Intel's '06 resolution: improve notebooks, home PCs
- 15 December, 2005 07:15
Intel is getting ready to launch two major products that will combine the most visible piece of the company's evolving platform strategy, its Centrino mobile brand, with the company's most ambitious effort yet at building the digital home.
Napa, the third generation of Intel's Centrino mobile technology, is almost ready for a formal unveiling in January. Likewise, Intel and its PC partners plan to launch and heavily promote Viiv (rhymes with five) entertainment PCs starting the same month. Both products are expected to take centre stage in Intel's efforts at the 2006 International Consumer Electronics Show in Las Vegas during the first week of January.
Intel has already shared many details about Napa, which is the combination of the Yonah dual-core mobile processor, the Intel Mobile 945 chipset, and the Intel Pro/Wireless 3945ABG chip. But the company cited performance statistics for the first time Tuesday, revealing that Napa should outperform Sonoma, the current generation of Intel's mobile technology, by as much as 68 per cent based on internal tests, director of marketing with Intel's Mobile Platforms Group, Keith Kressin, said.
Intel also reduced the average power consumption of Napa-based notebooks by 28 per cent as compared to current Sonoma-based notebooks, he said.
In addition, Napa notebooks will have smarter wireless chips, Kressin said.
For example, Napa notebooks will attempt to find the local wireless connection with the most available bandwidth, instead of seeking out the access point with the strongest signal.
The access point with more bandwidth will give the user a faster network experience than would the one with the strongest signal, which might be overloaded with users.
Intel wouldn't have trouble finding partners or customers for Napa-based notebooks, with more than 230 designs already planned by notebook makers around the world, Kressin said. But its Viiv strategy could face a tougher road as the worlds of consumer electronics, PCs, and digital content collide in the living room.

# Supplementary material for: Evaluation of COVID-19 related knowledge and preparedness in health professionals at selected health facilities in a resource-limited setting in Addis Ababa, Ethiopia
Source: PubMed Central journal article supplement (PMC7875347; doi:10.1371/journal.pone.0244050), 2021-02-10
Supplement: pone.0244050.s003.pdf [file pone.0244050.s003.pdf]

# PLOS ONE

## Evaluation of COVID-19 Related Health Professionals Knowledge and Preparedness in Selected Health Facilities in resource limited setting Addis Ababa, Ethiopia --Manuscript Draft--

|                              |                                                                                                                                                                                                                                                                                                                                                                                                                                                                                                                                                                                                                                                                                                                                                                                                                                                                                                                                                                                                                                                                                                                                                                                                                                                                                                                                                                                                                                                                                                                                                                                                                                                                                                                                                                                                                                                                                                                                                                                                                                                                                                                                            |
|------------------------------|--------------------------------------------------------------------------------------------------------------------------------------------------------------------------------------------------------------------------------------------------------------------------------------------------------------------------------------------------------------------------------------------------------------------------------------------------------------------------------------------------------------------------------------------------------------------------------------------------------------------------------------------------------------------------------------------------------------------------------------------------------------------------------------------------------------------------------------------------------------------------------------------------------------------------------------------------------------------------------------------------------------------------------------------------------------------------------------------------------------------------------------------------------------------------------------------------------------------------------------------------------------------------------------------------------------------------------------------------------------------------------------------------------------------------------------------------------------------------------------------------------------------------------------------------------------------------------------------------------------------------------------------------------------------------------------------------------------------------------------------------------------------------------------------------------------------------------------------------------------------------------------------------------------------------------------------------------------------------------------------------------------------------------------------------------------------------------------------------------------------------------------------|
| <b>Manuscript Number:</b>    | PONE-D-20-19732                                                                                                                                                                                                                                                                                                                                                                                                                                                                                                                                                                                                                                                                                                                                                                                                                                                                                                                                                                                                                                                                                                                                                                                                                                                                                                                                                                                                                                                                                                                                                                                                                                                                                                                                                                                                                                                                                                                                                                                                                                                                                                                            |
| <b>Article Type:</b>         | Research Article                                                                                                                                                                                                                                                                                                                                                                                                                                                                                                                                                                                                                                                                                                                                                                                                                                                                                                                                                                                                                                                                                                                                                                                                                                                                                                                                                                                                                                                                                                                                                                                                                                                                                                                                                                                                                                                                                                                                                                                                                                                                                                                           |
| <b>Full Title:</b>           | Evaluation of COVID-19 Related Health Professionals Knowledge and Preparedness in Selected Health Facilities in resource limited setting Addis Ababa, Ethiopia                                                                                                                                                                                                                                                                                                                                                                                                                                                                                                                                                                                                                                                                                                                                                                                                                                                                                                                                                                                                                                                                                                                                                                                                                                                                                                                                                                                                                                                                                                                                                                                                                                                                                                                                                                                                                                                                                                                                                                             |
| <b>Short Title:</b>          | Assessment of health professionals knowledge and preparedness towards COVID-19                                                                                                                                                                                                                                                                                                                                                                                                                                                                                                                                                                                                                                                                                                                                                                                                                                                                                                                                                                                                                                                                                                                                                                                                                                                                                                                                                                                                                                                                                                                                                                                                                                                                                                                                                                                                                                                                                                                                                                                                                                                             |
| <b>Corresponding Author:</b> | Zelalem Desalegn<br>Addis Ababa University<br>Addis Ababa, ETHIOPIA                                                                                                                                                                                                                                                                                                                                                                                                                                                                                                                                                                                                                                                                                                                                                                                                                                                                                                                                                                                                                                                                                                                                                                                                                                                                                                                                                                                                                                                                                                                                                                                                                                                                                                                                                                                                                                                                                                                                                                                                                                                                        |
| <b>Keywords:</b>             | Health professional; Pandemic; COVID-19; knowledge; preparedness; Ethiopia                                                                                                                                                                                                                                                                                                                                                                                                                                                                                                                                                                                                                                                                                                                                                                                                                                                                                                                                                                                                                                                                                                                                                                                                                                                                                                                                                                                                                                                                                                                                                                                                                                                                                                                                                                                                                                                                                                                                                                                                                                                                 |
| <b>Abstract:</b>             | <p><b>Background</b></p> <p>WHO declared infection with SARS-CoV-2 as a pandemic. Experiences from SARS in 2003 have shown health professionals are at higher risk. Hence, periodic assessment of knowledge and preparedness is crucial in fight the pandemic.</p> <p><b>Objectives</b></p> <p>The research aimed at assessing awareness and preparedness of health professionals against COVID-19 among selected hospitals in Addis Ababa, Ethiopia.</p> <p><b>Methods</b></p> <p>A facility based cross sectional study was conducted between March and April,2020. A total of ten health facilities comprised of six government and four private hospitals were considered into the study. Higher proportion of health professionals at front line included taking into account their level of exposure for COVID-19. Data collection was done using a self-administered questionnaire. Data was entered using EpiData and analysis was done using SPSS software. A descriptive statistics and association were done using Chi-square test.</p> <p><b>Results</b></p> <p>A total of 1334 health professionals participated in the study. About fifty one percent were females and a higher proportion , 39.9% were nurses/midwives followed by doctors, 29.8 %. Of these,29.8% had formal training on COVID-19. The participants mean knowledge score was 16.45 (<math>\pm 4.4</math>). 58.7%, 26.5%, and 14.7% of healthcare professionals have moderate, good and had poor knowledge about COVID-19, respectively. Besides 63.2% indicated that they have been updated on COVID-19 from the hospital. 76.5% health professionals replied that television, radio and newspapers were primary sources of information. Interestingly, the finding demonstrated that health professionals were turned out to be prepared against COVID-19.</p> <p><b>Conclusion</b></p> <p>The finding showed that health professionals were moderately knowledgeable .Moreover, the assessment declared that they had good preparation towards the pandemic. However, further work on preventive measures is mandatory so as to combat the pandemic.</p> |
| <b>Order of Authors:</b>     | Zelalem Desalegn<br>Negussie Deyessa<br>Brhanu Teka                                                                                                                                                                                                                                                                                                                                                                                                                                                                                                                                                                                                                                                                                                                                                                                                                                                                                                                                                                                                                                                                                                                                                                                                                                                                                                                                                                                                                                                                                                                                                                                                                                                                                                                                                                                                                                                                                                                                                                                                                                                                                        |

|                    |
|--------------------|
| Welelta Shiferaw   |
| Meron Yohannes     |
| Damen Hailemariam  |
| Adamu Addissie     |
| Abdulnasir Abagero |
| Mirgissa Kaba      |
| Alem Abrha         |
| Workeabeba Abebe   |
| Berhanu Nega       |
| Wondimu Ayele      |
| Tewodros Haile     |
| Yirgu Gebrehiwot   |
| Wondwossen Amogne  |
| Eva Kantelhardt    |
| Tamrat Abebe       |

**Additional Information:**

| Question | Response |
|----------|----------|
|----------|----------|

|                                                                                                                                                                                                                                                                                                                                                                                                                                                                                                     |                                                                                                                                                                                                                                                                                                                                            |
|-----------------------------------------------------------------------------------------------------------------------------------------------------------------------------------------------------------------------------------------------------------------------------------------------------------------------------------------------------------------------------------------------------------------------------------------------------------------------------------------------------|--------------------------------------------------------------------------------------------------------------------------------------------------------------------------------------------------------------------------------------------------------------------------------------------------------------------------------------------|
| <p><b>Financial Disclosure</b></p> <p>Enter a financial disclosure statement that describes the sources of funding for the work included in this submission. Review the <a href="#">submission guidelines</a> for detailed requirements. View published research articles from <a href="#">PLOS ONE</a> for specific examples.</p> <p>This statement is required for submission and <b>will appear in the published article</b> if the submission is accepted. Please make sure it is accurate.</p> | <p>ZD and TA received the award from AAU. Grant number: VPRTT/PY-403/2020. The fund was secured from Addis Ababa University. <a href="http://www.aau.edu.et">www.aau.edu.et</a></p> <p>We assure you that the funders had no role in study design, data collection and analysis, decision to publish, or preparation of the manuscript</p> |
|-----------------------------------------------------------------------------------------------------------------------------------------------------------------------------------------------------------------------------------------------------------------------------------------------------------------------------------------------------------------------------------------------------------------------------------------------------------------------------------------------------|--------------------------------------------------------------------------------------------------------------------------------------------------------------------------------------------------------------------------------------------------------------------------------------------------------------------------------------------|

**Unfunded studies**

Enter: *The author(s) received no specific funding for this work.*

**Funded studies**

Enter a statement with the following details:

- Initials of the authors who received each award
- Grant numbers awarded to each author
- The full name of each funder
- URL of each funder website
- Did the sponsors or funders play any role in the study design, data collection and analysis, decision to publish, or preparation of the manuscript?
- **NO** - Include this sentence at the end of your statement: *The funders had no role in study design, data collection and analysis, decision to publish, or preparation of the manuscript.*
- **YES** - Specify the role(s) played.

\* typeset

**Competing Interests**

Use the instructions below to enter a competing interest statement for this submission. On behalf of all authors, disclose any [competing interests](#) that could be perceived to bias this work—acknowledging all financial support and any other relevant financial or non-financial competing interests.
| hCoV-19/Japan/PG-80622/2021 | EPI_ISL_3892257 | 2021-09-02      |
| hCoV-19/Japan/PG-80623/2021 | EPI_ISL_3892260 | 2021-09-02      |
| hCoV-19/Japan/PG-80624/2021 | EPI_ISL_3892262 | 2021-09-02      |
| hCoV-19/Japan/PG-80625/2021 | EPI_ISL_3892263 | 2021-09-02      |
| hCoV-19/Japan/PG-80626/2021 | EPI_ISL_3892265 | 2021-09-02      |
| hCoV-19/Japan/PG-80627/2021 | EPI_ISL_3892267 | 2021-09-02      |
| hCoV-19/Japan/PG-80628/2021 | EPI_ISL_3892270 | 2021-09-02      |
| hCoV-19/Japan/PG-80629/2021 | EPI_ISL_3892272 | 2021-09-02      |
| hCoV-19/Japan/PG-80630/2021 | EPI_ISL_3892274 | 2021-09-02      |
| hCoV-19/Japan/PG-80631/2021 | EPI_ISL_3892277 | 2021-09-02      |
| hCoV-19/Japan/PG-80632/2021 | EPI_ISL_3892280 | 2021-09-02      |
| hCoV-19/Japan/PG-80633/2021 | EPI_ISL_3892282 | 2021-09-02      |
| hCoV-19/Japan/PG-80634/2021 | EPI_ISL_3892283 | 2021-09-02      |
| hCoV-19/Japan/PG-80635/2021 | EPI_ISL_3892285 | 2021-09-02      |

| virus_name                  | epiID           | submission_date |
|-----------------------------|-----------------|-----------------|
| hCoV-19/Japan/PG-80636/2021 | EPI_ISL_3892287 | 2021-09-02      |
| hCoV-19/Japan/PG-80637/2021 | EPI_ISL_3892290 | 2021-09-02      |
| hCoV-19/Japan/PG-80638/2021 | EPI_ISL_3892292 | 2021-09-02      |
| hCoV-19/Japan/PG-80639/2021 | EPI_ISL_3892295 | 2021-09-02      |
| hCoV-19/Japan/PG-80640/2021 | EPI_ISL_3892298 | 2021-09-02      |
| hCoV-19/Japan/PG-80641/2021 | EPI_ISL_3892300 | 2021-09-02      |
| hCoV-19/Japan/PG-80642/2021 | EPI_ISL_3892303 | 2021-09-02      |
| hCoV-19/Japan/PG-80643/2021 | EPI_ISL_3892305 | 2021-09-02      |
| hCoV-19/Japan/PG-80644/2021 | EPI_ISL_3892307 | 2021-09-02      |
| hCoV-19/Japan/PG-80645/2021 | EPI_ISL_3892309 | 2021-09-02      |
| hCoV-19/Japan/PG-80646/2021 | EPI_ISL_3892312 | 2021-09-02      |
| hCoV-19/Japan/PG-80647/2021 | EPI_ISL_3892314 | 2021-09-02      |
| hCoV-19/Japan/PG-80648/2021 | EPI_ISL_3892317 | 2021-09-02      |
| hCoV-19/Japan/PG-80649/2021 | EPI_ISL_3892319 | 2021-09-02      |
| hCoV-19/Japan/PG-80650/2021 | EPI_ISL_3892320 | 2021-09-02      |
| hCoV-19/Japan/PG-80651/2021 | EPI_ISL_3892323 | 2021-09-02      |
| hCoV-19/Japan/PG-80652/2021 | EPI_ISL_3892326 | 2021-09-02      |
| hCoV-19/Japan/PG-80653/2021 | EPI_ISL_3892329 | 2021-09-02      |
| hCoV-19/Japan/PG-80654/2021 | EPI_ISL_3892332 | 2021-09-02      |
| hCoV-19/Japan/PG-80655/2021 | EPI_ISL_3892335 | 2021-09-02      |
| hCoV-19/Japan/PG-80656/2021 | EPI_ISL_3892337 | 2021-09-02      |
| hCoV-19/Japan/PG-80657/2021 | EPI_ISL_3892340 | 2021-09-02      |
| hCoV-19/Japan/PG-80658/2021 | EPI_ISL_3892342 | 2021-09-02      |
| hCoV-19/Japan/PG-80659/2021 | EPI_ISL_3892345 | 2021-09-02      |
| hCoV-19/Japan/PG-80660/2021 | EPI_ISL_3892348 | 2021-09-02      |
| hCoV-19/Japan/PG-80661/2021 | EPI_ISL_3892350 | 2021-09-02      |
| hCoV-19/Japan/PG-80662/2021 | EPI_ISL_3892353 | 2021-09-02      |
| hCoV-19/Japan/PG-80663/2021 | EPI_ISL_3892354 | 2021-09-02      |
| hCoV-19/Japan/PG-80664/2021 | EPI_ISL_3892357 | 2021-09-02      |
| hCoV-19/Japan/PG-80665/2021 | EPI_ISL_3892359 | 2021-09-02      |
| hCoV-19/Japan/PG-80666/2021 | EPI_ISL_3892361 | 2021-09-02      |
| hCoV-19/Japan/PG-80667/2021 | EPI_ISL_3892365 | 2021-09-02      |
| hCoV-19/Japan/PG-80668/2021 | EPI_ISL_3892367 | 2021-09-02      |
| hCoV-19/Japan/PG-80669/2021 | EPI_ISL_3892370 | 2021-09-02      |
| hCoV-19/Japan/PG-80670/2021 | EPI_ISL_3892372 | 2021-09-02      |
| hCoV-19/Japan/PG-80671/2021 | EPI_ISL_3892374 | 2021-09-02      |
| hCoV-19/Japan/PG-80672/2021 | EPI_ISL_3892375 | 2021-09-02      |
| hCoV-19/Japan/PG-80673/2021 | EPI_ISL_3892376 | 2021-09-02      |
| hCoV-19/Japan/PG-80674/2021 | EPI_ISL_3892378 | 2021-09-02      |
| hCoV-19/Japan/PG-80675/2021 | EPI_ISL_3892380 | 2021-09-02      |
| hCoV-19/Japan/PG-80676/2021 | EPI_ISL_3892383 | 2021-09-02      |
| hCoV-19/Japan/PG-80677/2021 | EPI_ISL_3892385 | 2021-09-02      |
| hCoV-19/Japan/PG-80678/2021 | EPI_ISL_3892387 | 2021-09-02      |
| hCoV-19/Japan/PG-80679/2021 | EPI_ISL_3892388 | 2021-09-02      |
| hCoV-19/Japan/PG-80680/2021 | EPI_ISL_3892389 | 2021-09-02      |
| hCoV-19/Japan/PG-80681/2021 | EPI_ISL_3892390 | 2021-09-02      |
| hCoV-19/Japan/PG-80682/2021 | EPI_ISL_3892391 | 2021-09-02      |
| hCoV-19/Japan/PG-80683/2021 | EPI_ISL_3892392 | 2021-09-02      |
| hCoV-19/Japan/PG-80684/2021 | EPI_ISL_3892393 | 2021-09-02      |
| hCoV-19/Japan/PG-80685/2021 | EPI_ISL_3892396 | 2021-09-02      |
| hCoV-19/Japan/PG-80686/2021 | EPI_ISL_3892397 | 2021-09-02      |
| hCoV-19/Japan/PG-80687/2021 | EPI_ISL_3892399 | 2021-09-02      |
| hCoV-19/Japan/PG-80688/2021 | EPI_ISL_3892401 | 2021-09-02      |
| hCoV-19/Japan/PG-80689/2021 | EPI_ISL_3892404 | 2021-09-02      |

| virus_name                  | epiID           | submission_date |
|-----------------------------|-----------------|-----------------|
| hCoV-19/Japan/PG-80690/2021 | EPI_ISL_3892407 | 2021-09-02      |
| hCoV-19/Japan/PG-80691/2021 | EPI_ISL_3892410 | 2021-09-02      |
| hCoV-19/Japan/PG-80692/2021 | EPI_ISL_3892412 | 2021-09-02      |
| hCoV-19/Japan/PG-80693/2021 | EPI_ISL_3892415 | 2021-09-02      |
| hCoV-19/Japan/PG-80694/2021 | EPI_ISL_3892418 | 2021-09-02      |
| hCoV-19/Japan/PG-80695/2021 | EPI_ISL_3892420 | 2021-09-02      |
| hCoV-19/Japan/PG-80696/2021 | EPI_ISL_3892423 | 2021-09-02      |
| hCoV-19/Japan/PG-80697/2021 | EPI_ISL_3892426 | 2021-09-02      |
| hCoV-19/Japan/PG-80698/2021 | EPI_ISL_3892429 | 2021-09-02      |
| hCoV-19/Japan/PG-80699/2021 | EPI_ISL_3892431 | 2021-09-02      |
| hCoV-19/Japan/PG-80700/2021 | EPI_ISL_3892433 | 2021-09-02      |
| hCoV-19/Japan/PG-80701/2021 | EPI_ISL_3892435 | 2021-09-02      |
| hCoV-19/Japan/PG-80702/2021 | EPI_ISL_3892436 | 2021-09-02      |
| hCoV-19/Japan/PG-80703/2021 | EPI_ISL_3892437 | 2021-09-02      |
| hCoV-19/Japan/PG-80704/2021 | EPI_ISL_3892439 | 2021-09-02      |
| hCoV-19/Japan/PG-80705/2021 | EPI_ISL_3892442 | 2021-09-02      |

Viiv is modeled on the Centrino platform strategy, in which Intel sells its PC partners a combination of chips and then helps them promote the brand with a blanket advertising campaign. To get the marketing help, the PC vendors have to use all the Intel-specified components of the platform, which in this case includes a dual-core Intel processor, one of several multimedia chipsets, a Gigabit Ethernet networking chip, Microsoft's Windows XP Media Center Edition 2005, and several other components designed to deliver high-definition audio and instant on-off capabilities to Viiv PCs.
Intel planned to certify devices and applications that had been designed with Viiv in mind, trying to make it easier for consumers to set up home media networks, Intel Viiv technology program manager, Merlin Kister, said.
The company has already certified dozens of applications and services from companies such as Movielink and British Sky Broadcasting within the Viiv program, and more are expected during 2006.
Delivering an easy-to-use experience with Viiv was crucial to Intel's success in the living room, Kister said.
Of equal importance was Intel's high-wire balancing act of assuring content providers that consumers wouldn't be able to freely share copyright wares with the world, while convincing consumers that they would still have the right to shift movies and music among devices and burn copies as backups, director of digital home brand management in Intel's sales and marketing division, Charlotte Lamprecht, said.
To date, major content providers have been hesitant to embrace Intel and Microsoft's fledgling attempts at building a PC-based digital living room with premium content available over the Internet.
Over the next year, however, several content providers that had been holding back on the digital market would make announcements related to making digital content available for downloading, senior vice-president and general manager of Intel's sales and marketing group, Eric Kim, said.
New Intel partner, Apple Computer, has had more success in this area, signing deals with US television networks, ABC and NBC, to make popular television shows available on the iTunes online store.
Intel would also look at convincing cable and satellite providers to accept Viiv PCs as a delivery method for their content, Kister said.
Viiv PCs would be able to receive content from set-top boxes that currently accept cable and satellite television feeds, but early versions wouldnot have ports that could directly accommodate the protected digital stream of content from companies such as Comcast or The DirectTV Group, he said.